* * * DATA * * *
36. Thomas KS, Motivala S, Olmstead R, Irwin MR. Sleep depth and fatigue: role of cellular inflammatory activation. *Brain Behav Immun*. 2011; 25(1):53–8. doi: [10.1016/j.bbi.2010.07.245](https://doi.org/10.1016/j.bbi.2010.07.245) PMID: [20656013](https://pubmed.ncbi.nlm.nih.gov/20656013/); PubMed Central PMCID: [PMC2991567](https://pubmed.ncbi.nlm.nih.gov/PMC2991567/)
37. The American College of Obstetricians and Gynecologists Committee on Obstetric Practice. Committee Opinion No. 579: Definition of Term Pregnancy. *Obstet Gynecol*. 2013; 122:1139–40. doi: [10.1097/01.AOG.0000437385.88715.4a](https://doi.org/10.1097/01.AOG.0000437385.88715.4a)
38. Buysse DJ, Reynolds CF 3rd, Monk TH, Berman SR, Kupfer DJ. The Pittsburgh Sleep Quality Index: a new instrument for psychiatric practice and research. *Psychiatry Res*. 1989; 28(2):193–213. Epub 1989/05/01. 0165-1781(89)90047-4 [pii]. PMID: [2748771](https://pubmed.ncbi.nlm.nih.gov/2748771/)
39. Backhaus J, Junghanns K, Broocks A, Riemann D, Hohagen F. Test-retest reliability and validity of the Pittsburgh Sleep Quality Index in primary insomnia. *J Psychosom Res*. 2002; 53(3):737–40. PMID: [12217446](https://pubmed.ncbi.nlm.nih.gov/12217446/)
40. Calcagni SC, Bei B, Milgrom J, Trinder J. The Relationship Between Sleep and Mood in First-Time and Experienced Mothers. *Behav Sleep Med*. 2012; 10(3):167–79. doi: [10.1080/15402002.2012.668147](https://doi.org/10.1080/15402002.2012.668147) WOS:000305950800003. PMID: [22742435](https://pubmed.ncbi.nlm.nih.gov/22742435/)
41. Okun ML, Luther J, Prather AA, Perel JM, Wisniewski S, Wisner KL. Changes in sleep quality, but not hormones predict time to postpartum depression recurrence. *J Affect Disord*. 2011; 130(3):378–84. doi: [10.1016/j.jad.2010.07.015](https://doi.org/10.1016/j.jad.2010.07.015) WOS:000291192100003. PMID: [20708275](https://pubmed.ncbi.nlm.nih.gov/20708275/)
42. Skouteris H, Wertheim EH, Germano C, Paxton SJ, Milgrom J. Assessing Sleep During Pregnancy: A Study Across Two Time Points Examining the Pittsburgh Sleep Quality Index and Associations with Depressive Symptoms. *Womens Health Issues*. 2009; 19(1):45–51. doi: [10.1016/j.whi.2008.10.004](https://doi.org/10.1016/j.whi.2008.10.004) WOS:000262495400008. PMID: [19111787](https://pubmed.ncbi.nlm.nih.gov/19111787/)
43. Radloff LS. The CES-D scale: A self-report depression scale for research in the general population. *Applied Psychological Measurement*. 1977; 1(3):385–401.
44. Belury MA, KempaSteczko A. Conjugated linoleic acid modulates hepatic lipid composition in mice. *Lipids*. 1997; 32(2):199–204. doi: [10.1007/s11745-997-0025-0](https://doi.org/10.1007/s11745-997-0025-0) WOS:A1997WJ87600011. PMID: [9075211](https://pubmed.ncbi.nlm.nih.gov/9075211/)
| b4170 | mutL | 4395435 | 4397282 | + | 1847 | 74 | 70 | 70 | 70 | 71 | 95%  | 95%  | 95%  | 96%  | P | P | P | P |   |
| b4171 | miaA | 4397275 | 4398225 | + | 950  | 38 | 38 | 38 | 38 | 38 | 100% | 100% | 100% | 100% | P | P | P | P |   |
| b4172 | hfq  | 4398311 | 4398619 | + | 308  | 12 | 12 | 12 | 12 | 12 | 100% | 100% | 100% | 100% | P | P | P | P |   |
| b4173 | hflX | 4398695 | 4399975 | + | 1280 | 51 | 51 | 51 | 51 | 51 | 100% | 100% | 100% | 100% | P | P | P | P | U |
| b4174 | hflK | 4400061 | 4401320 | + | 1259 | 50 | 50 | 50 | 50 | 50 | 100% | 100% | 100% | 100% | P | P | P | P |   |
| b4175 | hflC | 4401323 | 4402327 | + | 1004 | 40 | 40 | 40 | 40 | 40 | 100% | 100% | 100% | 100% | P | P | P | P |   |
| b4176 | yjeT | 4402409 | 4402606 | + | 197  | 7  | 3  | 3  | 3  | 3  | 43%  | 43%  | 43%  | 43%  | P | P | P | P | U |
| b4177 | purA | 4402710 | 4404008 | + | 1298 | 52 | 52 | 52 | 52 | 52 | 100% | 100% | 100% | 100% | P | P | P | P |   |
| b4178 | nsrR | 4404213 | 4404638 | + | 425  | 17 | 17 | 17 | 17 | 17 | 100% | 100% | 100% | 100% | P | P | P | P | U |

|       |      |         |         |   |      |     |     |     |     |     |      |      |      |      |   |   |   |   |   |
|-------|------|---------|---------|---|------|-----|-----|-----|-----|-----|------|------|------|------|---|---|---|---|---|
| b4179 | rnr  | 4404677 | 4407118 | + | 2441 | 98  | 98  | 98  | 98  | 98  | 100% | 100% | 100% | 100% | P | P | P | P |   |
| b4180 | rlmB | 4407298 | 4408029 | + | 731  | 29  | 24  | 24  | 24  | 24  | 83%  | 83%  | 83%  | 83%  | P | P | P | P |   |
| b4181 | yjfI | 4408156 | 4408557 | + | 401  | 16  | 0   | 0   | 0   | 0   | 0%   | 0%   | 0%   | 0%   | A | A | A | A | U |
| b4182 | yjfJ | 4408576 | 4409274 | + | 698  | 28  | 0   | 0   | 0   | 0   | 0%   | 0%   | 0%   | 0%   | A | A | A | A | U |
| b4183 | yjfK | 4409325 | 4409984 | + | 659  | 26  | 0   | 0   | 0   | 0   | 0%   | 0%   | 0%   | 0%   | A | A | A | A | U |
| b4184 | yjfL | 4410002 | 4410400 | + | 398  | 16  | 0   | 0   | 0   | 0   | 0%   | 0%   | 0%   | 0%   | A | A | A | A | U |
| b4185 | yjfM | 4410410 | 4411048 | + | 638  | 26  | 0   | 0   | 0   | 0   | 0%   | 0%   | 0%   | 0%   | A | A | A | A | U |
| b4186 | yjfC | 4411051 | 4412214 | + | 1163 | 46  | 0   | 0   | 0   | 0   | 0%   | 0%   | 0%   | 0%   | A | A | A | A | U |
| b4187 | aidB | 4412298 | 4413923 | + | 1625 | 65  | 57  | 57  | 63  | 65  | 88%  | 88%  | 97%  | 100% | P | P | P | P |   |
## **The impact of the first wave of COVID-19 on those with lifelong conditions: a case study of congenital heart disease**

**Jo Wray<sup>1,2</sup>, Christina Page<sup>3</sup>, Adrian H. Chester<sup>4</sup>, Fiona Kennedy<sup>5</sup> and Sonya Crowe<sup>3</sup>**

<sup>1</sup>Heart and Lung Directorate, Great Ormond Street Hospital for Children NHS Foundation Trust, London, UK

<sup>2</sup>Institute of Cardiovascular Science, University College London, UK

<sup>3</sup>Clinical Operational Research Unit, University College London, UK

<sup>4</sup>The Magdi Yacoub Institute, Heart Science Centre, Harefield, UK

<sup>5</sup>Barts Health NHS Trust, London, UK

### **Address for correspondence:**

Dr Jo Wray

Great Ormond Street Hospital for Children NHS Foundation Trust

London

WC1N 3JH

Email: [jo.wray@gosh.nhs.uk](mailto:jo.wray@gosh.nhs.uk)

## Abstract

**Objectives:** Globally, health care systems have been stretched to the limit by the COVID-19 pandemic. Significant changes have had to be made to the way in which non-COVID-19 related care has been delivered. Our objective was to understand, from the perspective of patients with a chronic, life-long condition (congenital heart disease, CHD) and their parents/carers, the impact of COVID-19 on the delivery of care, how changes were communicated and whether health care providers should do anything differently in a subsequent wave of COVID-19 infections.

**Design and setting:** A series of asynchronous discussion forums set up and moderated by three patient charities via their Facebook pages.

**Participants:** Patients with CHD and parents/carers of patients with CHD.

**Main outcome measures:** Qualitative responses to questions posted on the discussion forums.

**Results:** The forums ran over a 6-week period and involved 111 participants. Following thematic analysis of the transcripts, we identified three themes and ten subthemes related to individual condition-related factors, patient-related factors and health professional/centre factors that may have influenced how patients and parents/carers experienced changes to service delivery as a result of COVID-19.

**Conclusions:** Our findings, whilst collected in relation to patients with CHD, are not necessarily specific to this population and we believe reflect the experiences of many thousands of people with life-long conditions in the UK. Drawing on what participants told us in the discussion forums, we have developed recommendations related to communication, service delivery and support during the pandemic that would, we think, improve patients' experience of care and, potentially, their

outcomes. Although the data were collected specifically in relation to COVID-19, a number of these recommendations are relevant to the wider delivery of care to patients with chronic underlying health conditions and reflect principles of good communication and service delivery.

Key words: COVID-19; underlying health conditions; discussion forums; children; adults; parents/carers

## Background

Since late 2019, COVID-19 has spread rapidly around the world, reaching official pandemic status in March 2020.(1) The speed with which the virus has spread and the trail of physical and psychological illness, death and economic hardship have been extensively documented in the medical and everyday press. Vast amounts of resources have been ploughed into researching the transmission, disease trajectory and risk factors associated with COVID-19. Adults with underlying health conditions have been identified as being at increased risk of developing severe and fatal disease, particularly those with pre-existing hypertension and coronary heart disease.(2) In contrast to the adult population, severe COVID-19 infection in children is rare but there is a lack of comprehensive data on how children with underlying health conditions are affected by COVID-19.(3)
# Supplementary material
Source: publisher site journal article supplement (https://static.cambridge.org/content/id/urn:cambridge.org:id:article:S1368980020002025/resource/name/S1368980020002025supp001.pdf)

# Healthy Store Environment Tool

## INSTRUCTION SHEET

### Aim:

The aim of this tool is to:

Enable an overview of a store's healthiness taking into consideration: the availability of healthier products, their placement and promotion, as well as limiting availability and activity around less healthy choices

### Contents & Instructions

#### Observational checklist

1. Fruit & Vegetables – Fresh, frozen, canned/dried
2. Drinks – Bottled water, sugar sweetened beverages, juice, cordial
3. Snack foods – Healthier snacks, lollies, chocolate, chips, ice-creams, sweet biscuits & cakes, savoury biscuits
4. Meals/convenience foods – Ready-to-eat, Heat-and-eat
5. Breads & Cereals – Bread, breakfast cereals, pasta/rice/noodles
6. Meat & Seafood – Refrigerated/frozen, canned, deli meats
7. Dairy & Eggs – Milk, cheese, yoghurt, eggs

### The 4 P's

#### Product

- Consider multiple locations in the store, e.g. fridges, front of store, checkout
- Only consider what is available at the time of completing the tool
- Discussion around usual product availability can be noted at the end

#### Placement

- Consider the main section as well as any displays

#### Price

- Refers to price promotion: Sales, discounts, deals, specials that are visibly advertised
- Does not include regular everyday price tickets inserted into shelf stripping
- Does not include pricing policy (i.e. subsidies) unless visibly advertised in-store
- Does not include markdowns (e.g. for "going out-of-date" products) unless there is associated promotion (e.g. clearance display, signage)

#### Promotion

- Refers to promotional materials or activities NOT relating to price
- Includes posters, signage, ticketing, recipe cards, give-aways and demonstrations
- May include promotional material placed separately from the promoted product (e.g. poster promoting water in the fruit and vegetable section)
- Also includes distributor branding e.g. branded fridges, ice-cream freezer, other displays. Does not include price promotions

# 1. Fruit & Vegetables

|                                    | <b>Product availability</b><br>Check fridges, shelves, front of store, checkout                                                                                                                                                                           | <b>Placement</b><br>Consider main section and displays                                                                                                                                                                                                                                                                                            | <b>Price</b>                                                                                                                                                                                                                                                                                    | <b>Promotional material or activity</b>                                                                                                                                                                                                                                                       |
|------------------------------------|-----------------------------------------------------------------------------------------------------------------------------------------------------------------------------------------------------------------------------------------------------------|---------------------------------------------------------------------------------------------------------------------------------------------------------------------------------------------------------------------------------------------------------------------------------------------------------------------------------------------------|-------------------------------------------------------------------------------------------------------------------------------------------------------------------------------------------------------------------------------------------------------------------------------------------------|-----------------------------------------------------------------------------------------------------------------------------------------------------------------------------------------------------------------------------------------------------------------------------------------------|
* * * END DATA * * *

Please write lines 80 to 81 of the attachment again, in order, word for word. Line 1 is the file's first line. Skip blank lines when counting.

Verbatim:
- Does not include pricing policy (i.e. subsidies) unless visibly advertised in-store
- Does not include markdowns (e.g. for "going out-of-date" products) unless there is associated promotion (e.g. clearance display, signage)